There's a pretty good summary of a lot of the positions here.
Enshutsu (Animation Technical Director)
Art Director (Art Model and Background)
Special Effect / CG Artist
These are just a few highlights:
Original Creator (gensaku)
The original creator is the person who came up with the concept for
the story originally. This may be the original manga creator, a
novelist, game developer, playwright, author, oracle, prophet, or
whoever can come up with an original idea.
Often translated as animation director or technical director. Enshutsu
is one of the most difficult and most important jobs in the Japanese
animation industry. The enshutsu is between the director (kantoku) and
the production staff. He is responsible for checking and supervising
the show through the production, from initial story to the final
released product, and in many cases, has almost total control over it.
He checks the animation drawings as they are being done, sets up the
scenes before they go to camera and supervises the sound and voice
recordings and all the editing amongst many other jobs. The exact job
and responsibilities vary from company to company, and from show to
show as well. Sometimes the enshutsu ends up as the whipping boy for
the director; sometimes he or she carries the show and the director
sits back and watches. On larger productions there is sometimes more
than one enshutsu and usually quite a few assistants. It is important
to have a good knowledge of animation production as well as artistic
talent to do the job and it usually takes four or more years in the
industry before someone can do the job right.
The inbetweeners use the key drawings as reference points and produce drawings that fit between the
positions on the keys. This smoothes out the movement and makes the
animation look better. (The more inbetweens there are, the more fluid
the movement becomes and the more expensive the animation becomes.)
Inbetweening is a relatively non-creative job. It is more tracing than
anything else. The hours are long and the key animators are sometimes
very hard to work with. The cruelest part of being an inbetweener is
that they rarely get to work on anything they are fans of and what
they do get to work on they burn out on quickly. (I know some
animators and an enshutsu that you can send into convulsions by
whispering "Ranma" in their ears.) After 2 or 3 years of grueling
inbetweening, animators who can handle it are usually promoted to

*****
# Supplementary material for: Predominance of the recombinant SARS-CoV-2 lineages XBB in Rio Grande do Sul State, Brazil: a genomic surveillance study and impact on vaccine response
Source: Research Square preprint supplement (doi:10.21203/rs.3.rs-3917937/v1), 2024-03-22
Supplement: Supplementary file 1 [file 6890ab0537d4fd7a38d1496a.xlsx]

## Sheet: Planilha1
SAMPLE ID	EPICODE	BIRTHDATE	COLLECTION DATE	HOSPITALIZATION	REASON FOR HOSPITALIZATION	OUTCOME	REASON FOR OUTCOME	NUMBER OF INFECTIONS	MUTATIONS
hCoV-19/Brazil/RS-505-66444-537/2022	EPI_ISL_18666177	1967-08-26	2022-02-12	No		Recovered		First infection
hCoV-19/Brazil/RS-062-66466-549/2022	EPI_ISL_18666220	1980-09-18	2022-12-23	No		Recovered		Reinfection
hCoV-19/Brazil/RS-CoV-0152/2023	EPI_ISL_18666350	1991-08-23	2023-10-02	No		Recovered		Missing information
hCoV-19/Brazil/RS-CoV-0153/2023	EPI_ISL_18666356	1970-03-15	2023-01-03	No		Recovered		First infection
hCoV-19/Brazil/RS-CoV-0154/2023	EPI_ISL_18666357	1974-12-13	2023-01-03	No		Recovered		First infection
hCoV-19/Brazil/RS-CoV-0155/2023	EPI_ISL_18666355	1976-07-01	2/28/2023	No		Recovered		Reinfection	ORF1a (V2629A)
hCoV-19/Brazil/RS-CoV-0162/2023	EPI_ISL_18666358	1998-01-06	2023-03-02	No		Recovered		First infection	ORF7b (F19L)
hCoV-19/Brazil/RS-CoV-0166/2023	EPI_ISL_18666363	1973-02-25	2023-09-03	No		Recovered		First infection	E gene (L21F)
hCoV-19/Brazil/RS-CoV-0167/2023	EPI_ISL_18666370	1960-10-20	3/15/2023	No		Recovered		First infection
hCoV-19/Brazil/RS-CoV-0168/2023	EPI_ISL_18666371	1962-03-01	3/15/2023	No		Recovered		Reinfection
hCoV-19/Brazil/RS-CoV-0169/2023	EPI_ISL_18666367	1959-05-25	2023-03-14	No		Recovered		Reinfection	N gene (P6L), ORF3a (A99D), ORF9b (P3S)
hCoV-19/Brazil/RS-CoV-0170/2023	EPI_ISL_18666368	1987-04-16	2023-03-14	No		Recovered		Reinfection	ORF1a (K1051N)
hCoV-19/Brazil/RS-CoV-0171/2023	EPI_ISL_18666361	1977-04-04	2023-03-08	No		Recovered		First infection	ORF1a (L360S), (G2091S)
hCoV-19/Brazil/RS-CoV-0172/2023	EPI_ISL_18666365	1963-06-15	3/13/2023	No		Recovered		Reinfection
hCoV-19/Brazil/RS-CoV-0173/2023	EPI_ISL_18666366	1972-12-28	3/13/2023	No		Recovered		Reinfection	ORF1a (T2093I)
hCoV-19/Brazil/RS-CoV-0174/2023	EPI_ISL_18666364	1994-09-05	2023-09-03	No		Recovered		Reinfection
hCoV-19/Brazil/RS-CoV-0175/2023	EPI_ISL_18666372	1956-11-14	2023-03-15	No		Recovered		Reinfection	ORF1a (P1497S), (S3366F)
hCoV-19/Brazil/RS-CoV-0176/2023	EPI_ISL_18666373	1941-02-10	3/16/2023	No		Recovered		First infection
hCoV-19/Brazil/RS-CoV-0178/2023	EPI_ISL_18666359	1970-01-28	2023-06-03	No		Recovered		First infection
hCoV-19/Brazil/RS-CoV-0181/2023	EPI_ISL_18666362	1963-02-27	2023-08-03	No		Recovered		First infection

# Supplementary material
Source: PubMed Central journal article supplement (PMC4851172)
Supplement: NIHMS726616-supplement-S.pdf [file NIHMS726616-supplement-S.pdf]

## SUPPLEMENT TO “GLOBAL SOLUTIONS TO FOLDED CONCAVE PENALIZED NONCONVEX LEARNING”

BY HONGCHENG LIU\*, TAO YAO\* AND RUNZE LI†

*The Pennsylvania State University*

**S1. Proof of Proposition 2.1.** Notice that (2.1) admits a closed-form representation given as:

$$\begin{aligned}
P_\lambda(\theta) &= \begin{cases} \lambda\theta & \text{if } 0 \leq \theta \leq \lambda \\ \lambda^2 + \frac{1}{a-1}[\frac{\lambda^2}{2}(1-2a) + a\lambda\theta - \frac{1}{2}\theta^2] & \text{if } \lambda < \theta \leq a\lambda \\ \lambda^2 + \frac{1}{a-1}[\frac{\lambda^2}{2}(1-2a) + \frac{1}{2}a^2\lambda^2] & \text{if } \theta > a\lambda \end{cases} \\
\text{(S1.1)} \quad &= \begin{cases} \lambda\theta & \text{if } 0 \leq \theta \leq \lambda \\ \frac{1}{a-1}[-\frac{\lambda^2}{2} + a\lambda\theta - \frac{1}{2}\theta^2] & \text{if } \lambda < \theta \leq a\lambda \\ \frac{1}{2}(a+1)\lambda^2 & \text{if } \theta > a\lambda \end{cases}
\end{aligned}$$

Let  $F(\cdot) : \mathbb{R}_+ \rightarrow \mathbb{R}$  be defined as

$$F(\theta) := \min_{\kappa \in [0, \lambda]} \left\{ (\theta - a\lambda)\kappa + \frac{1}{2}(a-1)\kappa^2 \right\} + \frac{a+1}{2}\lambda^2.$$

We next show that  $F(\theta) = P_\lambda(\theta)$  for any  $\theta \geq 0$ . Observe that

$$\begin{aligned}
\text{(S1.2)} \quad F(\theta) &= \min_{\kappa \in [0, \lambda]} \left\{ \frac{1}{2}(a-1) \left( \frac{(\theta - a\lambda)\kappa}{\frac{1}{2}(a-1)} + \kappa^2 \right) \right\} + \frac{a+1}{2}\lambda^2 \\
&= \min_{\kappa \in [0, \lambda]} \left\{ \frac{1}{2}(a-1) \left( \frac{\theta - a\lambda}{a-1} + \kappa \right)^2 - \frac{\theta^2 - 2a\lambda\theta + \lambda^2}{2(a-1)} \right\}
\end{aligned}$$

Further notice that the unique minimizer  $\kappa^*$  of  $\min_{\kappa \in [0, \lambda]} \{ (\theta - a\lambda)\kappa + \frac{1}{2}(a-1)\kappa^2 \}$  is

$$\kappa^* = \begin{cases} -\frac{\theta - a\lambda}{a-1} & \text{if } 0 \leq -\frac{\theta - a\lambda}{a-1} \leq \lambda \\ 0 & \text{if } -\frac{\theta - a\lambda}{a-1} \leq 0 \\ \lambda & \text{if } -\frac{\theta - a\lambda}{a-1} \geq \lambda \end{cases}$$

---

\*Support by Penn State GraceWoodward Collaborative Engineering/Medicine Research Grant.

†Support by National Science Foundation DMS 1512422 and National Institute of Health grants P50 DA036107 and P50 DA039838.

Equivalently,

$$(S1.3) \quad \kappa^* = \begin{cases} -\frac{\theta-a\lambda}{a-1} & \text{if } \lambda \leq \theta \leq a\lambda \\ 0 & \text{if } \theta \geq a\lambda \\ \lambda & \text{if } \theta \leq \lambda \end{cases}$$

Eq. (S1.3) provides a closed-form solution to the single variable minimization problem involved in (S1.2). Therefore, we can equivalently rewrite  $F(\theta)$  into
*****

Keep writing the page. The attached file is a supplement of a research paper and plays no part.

As for a position that is present in anime production but not as common in western or traditional animation, I could could only find one position that might fit the bill.
Color Coordination (Iroshitei)
The Color Coordinator decides all the colors for everything that will
be painted/colored by the shiage department in the show and creates an
iroshitei hyou (color model pack) that the staff can refer to when
painting. This job requires not only good color sense but a good
memory, as the CC should be able to keep an idea of what the colors
for the whole show look like in her head so that when questions come
up about small details and things not in the iroshitei hyou she
doesn't need to pull all the models and think about it.
The CC makes
color models of each of the characters and the props, mecha etc. in
the computer paint system. The painters use these models when coloring
the various scenes.
In the old days of liquid paint, there were 327
commonly used Taiyou Shikisai (Taiyo Paint Company) cel paints but
they had over 1,000 in their catalog. Each color had a code number
which originally was its equivalent to the DIC (Dai Nippon Ink
Company) code. Color code numbers were usually a letter followed by
numbers like GY-40 and RP-99. (Some companies used another paint
company - Stack - but their paint was more expensive (and higher
quality) and the paint codes were different.)
A good way of telling
that you had done this job too long is when you lookout a train window
at a sunset or forest and find yourself determining what paint colors
they it is composed of. Computers have made life a lot easier with
16.7 million colors ending the need for weird paint codes but now you look at that sunset and wonder what dpi you would have to scan it in
to get good output quality.
I'm sure other types of animations have color coordinators but this one is somewhat specific to anime since it deals with a specific Asian company and their limited paint color selection.
The full page is worth a read as it has a lot of the Japanese names of positions in addition to their translated names.